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Production of a New Vaccine for Poultry to Prevent Salmonella

Shabatura, J; Kremer, C J; Koo, O
Sea Star International LLC
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Our Phase I feasibility project will address four major objectives: 1) To generate a double deletion mutant by developing amino acid auxotroph and a transcriptional regulator deleted ?hilA mutant Salmonella Typhimurium; 2) To perform growth and survivability tests in minimal media, chicken feed and fecal broth; 3) To investigate the virulence of the mutants by cytotoxicity tests and adhesion and invasion studies in chicken cells; and 4) To assess the poultry vaccine market and needs of customers for our Phase II proposal.

The deliverable for this SBIR Phase I is a S. Typhimurium candidate vaccine strain that is not only completely effective but also safe for widespread commercial us in the poultry industry. As the technology and approaches become more optimized and proof of concept established we will be able to apply these strategies to other problematic pathogens in not only the poultry industry but other food animal production systems.

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Non-Technical Summary:
Despite concerted efforts on both the part of the food industry and Federal regulators, already in 2011 there have been Salmonella foodborne illnesses in 31 U.S. states. Salmonella is a leading cause of foodborne illness. It is responsible each year for an estimated 1 million illnesses, 19,336 hospitalizations and 378 deaths. Salmonella associated outbreaks are primarily related to poultry meat and eggs. Despite the effort to control pathogenic Salmonella during poultry processing, the number of illnesses has not declined. Therefore, the control of pathogenic Salmonella has been a top research priority of USDA, which in 2010 published even tighter performance standards for controlling Salmonella in poultry products. The U.S. poultry industry has been producing broiler meat and egg products valued at $45 billion and $6.52 billion respectively in 2010. Arkansas has been consistently one of the top two states in the U.S. for poultry and egg production, valued at $3.7 billion. To protect consumers' health, decrease bird morbidity, and prevent product recalls, there is a widespread interest by the poultry industry in the development and verification of an effective Salmonella vaccination. There are currently competing Salmonella vaccines in the market, but all have serious efficacy, risk and cost drawbacks that are preventing widespread industry adoption. To be a commercial success, our new vaccine must compete in the market place that already contains competitive Salmonella vaccines.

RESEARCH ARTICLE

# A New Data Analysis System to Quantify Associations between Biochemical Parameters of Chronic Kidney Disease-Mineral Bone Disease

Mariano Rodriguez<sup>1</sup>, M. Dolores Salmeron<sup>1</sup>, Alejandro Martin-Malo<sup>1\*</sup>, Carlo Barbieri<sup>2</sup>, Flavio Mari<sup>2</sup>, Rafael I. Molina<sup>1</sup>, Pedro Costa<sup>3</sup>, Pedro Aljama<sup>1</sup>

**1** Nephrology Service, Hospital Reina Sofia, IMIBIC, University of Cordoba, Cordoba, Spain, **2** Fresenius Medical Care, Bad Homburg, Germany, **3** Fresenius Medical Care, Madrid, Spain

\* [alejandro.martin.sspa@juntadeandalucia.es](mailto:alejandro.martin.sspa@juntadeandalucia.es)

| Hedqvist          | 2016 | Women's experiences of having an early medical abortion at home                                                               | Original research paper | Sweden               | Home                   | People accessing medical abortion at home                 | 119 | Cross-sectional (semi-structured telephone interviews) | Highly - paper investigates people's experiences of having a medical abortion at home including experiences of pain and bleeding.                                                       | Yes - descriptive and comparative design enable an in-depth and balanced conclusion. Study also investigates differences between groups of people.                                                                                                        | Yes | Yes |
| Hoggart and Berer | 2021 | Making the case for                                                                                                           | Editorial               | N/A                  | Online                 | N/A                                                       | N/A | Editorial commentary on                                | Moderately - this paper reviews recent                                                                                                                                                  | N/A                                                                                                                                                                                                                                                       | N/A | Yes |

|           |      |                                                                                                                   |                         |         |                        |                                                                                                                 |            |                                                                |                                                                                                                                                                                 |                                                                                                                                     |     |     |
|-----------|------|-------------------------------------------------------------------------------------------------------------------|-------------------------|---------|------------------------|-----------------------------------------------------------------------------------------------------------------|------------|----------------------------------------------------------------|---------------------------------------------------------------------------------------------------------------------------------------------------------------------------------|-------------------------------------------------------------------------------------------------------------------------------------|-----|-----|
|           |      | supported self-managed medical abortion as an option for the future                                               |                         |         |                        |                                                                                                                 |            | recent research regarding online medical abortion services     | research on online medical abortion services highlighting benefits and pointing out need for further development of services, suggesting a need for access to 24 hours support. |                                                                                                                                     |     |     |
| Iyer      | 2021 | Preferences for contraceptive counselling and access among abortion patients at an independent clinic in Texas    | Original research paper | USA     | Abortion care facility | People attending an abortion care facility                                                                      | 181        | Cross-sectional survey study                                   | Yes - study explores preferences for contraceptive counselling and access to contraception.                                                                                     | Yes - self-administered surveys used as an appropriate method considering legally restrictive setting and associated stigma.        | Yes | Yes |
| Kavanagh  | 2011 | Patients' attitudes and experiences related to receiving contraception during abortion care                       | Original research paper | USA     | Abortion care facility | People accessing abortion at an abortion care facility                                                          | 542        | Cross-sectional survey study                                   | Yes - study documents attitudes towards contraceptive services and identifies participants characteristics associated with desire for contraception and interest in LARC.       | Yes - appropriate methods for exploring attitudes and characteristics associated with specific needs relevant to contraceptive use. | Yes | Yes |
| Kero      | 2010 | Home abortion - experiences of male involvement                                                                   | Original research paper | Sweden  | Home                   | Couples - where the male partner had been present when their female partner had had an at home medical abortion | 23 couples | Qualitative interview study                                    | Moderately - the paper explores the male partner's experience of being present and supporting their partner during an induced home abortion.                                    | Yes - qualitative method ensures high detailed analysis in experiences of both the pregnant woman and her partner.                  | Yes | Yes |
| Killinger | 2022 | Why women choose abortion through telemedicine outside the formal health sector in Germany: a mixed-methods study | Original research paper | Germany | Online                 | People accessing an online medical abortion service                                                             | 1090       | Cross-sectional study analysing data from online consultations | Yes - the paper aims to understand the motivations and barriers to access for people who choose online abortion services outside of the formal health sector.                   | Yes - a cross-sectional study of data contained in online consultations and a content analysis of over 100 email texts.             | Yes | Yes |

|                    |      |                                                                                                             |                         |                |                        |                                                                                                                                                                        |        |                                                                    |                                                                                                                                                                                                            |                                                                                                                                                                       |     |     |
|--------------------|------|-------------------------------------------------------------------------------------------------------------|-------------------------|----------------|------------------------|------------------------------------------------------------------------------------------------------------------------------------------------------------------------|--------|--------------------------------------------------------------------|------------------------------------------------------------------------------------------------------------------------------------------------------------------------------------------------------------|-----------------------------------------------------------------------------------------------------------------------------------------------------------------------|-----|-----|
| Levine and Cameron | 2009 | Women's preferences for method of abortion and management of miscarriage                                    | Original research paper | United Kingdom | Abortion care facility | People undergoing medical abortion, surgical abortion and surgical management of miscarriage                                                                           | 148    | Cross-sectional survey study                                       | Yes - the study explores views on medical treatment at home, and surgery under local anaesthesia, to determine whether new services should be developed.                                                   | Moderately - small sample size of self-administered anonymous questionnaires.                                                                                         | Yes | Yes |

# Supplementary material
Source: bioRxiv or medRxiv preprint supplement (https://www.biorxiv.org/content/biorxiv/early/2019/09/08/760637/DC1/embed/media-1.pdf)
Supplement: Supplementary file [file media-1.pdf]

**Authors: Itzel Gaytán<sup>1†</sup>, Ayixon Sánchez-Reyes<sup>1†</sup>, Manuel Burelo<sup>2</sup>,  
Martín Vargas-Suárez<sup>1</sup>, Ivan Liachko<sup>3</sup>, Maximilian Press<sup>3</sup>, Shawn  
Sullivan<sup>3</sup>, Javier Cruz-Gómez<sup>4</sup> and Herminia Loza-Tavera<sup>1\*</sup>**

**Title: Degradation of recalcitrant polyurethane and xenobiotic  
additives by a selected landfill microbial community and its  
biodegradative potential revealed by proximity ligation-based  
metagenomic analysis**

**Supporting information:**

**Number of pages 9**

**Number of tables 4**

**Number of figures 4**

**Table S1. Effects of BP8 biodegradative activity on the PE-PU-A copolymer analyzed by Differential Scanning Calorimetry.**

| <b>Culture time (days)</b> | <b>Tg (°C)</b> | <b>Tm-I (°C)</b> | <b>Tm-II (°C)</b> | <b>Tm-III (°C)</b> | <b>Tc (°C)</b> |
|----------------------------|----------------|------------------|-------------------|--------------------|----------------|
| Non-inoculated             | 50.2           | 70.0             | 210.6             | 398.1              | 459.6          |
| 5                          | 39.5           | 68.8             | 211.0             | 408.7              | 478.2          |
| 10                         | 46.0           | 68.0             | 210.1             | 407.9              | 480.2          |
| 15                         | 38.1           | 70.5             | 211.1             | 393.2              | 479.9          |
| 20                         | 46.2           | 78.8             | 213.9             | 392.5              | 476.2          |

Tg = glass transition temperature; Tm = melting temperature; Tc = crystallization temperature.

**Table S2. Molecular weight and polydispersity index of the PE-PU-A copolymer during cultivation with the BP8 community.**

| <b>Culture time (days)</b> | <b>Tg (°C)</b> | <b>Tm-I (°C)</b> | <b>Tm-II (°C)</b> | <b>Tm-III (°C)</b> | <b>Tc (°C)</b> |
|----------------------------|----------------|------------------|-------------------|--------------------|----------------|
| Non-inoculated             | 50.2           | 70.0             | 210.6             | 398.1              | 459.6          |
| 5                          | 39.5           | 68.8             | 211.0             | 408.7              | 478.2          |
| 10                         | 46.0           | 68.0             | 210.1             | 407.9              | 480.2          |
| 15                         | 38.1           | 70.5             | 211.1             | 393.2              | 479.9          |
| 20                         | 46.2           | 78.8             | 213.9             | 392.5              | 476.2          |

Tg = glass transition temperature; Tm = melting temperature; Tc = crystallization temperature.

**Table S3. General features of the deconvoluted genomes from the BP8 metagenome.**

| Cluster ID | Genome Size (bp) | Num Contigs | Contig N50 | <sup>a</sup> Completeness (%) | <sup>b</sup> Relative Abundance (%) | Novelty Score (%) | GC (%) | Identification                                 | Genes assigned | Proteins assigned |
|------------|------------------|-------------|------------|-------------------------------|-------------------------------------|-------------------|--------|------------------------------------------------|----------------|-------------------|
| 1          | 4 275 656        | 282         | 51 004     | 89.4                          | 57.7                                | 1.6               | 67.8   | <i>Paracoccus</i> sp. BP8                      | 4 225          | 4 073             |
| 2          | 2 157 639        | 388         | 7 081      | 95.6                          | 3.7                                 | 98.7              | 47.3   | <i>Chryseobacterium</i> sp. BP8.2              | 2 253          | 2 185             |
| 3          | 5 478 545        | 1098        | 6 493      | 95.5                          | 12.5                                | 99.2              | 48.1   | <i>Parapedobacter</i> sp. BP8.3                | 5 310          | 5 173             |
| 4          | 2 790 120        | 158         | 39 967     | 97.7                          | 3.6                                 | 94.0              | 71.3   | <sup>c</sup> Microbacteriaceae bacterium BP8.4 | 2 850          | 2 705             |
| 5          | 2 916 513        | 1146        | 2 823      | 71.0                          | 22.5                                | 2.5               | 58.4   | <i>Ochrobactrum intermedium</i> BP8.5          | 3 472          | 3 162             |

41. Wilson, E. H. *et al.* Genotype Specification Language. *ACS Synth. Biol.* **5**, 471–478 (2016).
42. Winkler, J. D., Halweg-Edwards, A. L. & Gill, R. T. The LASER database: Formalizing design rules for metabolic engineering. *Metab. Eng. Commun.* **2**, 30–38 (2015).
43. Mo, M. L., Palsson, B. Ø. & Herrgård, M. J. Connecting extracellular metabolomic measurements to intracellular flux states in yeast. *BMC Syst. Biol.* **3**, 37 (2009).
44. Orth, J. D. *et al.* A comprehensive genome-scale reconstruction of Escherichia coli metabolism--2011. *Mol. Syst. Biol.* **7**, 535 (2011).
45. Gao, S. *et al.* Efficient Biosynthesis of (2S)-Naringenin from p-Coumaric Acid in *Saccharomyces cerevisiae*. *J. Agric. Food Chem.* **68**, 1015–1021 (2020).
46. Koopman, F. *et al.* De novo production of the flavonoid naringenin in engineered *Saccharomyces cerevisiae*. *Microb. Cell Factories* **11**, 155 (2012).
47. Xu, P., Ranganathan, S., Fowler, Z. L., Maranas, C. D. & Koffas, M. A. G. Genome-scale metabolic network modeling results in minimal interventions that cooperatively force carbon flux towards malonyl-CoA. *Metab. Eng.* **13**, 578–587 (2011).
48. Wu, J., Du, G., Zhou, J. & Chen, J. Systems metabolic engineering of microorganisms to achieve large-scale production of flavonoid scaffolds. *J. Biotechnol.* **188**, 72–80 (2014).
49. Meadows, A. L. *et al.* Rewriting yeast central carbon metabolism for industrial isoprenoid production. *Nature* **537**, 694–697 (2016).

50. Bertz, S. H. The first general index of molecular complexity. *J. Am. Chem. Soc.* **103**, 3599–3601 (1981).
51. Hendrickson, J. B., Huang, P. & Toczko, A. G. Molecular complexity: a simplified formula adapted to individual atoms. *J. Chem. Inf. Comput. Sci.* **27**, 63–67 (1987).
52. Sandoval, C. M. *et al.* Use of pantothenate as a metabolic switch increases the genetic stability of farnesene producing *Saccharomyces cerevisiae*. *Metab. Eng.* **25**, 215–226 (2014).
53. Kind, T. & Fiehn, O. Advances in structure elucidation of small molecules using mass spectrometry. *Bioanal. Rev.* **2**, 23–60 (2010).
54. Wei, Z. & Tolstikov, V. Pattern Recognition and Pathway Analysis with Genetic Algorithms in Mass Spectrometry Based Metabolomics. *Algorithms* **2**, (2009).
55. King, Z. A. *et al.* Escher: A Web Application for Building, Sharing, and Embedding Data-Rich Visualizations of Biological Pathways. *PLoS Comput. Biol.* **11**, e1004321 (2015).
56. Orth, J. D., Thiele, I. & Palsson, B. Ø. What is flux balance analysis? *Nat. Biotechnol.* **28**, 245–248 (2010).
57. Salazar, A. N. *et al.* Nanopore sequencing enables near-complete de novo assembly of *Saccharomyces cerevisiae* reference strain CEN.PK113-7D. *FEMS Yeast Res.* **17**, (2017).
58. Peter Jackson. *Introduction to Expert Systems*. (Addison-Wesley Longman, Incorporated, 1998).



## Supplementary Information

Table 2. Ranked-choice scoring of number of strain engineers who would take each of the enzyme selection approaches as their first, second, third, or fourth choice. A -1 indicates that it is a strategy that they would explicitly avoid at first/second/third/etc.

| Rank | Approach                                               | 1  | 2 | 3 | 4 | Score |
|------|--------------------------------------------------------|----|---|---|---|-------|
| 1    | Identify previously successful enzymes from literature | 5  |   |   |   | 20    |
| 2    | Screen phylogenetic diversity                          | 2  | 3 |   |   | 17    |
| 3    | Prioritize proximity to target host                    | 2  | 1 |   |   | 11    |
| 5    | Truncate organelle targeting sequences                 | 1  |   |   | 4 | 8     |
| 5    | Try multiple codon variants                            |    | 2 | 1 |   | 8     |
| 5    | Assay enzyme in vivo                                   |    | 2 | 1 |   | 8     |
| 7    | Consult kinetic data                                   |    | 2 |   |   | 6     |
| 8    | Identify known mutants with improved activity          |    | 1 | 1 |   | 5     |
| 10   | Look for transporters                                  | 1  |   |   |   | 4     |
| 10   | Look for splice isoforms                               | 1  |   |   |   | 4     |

We will overcome the limitations of the current vaccines, because our new vaccine will provide:
Greater Efficacy: Using an avirulent, live vaccine is superior to many of the current vaccines that use dead Salmonella which provide only short-lived protection and are less effective in reducing horizontal (bird to bird) Salmonella transmission.
Improved Price Point: Our small company will have lower overhead than many commercial vaccines producers because the owners understand the limitations of the price-sensitive, commodity, poultry broiler and egg industries and embrace the marketing objectives as well as the science involved in the project.
Minimal Risk of Reversion: We will use and verify that our vaccine, a double deletion Salmonella strain, will not revert back to virulent, pathogenic Salmonella.